To me, my Attention-Deficit / Hyperactivity Disorder (ADHD) and my ability to write code are irrevocably linked. I had suspected I had ADHD for years, but only went through the formal diagnosis process in September 2021. One of the primary reasons I went to get tested was when I was interested in a coding problem, I could lose 6+ hours, often missing meetings and meals.
I have ADHD combined type, which means I have hyperactive and impulsive symptoms as well as inattentive symptoms. Among other things, I struggle with:
- time blindness
- Rejection Sensitive Dysphoria
- sustaining attention
- poor working memory
- lack of attention to detail
Many people have said it better, but I feel like I have too much attention. I would love to be able to pay attention to one thing. It would be great for my brain to focus on something just because I or other people think it should be important. In fact, it is physically painful for me to sit still with nothing interesting happening. Rather than "Attention-Deficit," it should be called something like "Attention-Regulation" or "Executive Function" / Hyperactivity Disorder.
Coding can give ADHD brains exactly the kind of stimulation they crave. Every brain has reward pathways to reinforce learning - if you hit a button and immediately get a thing you really like, your brain will want to hit the button again. If the payoff is random, like fixing a bug and trying a bunch of different things before you find the solution, then the reward seems even better to brains.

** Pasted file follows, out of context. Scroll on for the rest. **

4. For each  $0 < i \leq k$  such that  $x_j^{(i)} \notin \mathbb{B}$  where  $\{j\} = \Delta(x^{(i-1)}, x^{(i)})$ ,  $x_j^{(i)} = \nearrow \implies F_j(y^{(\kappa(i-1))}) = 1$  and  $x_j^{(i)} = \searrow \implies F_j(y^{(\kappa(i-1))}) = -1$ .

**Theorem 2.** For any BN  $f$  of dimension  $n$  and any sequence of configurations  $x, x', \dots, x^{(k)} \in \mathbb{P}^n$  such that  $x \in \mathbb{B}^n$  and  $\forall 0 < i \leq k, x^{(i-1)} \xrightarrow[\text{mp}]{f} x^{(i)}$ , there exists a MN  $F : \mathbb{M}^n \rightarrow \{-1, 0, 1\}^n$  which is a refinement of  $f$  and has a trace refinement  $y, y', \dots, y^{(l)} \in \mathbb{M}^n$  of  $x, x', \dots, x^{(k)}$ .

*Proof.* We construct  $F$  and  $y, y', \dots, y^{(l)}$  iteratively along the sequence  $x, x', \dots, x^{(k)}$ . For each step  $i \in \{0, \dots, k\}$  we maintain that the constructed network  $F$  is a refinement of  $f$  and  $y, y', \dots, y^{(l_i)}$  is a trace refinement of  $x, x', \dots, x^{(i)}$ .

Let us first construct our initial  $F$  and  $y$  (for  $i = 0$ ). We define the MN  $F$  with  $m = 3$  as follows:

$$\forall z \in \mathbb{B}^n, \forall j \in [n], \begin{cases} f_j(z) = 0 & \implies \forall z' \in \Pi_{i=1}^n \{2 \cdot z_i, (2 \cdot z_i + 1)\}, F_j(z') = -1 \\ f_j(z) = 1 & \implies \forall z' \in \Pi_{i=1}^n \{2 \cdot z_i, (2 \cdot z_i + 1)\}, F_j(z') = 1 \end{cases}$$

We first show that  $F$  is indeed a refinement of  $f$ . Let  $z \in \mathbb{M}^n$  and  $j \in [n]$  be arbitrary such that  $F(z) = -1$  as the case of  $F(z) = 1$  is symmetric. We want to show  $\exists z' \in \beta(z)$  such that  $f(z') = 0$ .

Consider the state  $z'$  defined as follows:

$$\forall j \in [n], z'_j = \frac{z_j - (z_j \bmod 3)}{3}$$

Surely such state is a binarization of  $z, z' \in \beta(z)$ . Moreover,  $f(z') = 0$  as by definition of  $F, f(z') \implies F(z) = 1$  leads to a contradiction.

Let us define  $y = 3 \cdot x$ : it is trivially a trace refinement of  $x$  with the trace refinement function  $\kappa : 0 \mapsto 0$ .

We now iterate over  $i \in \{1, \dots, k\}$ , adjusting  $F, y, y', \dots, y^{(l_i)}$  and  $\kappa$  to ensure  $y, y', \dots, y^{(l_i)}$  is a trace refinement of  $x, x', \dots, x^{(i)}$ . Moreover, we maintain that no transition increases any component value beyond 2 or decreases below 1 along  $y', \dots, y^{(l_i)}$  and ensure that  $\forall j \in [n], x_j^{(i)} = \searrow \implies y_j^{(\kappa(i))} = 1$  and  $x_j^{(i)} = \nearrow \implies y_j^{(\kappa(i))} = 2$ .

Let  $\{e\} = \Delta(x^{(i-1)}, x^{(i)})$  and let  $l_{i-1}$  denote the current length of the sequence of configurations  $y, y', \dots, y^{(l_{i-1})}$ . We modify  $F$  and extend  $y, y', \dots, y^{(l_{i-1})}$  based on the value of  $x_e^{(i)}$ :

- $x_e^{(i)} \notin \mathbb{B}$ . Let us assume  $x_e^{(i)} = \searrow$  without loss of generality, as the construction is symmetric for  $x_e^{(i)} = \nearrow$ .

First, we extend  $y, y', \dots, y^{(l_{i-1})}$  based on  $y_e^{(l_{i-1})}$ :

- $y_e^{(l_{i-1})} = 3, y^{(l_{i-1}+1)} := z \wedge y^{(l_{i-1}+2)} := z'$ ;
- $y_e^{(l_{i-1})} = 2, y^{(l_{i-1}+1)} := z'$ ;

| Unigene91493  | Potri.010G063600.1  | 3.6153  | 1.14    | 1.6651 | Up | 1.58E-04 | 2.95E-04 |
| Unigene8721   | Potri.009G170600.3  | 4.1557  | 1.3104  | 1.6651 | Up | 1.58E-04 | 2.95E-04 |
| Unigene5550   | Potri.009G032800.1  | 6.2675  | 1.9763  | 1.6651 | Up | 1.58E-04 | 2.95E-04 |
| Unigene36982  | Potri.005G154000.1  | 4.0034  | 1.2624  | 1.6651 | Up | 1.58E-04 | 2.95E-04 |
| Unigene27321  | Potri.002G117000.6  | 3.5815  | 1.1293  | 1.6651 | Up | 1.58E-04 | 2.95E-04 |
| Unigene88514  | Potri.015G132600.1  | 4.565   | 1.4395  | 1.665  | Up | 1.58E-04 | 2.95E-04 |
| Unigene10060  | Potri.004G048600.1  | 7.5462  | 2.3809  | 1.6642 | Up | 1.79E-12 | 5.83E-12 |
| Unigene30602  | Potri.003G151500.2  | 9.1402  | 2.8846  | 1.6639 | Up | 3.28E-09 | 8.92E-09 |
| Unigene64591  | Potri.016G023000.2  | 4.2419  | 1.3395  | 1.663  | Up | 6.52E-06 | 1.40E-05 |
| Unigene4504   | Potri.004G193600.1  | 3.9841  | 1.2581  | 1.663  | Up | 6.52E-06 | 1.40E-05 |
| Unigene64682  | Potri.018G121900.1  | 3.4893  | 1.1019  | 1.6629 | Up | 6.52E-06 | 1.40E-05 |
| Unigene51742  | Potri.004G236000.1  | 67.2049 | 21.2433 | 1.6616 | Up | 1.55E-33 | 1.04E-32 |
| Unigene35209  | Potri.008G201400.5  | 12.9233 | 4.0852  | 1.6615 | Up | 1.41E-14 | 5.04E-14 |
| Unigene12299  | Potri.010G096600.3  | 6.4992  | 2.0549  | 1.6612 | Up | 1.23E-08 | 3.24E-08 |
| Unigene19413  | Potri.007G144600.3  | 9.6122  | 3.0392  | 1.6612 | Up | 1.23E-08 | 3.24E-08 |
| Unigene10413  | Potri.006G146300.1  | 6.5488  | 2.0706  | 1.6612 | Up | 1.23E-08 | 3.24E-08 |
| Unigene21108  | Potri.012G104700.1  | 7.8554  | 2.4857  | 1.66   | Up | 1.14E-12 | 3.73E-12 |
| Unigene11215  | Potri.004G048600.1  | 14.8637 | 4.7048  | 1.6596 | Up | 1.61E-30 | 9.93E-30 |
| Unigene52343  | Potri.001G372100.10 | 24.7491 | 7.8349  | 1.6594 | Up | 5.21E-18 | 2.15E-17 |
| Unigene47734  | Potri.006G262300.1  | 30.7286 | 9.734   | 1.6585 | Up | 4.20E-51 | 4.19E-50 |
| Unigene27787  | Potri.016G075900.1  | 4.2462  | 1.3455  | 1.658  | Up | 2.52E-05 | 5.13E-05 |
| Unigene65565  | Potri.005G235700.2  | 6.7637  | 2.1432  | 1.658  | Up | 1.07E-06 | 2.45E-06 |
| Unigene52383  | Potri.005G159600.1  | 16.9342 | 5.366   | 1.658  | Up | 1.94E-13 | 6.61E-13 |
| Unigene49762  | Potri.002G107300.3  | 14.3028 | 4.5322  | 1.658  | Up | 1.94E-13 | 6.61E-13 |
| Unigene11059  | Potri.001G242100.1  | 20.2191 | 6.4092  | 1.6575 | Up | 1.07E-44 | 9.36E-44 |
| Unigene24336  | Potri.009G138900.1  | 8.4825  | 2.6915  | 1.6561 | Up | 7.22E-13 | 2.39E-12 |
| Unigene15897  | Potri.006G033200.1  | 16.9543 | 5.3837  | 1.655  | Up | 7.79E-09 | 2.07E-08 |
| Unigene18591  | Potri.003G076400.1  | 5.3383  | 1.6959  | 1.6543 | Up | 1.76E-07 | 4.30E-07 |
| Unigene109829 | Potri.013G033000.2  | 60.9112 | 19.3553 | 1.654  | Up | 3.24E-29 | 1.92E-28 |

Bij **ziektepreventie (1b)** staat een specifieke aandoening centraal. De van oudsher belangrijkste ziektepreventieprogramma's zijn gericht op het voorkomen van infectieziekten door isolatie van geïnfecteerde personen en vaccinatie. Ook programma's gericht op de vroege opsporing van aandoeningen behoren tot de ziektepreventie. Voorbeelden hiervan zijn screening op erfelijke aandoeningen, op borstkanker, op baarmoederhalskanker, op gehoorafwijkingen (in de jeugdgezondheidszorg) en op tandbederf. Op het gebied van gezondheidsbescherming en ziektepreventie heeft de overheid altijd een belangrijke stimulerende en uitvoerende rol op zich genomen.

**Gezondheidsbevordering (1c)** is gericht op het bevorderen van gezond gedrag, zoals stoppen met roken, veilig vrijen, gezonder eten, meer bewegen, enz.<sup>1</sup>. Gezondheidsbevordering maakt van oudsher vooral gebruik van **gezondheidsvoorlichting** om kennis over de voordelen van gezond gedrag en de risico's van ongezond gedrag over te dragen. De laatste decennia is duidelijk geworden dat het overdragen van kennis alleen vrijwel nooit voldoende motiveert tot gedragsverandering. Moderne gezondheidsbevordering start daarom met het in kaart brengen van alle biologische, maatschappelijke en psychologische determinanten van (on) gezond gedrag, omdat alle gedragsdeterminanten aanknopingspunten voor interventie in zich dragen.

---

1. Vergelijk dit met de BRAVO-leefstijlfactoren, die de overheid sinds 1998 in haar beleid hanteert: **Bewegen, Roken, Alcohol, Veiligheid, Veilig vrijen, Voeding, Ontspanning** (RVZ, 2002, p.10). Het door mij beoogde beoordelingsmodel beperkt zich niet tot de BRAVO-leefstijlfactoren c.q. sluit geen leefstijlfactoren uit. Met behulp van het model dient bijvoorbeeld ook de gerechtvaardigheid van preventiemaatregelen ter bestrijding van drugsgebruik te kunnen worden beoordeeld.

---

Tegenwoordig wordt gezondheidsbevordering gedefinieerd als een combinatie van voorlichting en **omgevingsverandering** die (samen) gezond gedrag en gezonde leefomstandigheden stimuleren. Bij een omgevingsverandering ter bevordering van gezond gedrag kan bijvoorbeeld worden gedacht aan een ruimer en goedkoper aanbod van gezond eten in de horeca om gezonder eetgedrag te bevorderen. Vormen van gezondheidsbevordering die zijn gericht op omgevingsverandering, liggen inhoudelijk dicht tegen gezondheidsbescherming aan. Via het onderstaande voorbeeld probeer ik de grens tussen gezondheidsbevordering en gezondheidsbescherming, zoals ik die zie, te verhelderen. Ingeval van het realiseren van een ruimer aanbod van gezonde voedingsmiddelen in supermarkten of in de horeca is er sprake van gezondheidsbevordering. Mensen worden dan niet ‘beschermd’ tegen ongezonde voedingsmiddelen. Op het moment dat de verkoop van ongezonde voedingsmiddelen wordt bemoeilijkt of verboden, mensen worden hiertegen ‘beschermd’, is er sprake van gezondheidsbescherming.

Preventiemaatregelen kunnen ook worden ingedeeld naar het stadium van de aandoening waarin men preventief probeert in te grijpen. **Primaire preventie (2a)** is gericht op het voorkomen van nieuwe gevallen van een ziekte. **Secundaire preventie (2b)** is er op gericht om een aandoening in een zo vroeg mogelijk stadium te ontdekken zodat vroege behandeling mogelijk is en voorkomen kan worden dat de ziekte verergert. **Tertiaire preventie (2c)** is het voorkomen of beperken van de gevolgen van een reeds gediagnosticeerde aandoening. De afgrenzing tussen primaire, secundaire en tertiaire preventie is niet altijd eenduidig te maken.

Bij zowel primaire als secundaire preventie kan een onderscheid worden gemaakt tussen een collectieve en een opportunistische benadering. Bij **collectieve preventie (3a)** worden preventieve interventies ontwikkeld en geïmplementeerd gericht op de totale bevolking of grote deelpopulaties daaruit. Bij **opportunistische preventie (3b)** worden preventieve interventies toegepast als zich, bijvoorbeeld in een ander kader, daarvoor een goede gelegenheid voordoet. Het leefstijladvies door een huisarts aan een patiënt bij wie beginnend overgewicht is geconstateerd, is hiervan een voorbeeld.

ADHD brains approach the buttons differently. They struggle with pressing the button if they don't know it'll give them a reward they really like. They have a hard time finding buttons with rewards good enough to make them want to press it again. Once they find a button they like, they often press it way too many times. The current theory is that our learning pathways use up dopamine faster and our brains don't convert glucose to dopamine and serotonin as well as other brains. In other words, we're constantly searching for things that will give us good enough rewards and bad at leaving those things alone once we find them.
For us, part of the appeal of those rewards is novelty. People with ADHD don't stop to question it when they're interested in something. So they can often achieve great things without realizing they were supposed to be hard, but also usually have many hobbies and projects that were started and then abandoned.
Luckily for us, not only is coding a creative endeavor that involves constantly learning new things, but also once one problem is solved, there's always a brand new one to try.
Personally, I would never describe ADHD as a super power. Yes, it's why I could learn coding concepts I'm interested in seemingly overnight. People seem to admire the way my brain wants to be constantly picking up hobbies and diving straight into the deep end of projects. It's also why I cannot attempt an algorithm coding challenge without crying, often try to change too many things at once without testing, and have been typing this blog for 40 minutes instead of eating lunch.
To that point, the rest of this series will be about strategies for dealing with the four main challenges I experience while coding with ADHD:
Followed by how I feel my ADHD symptoms can be beneficial in a development role: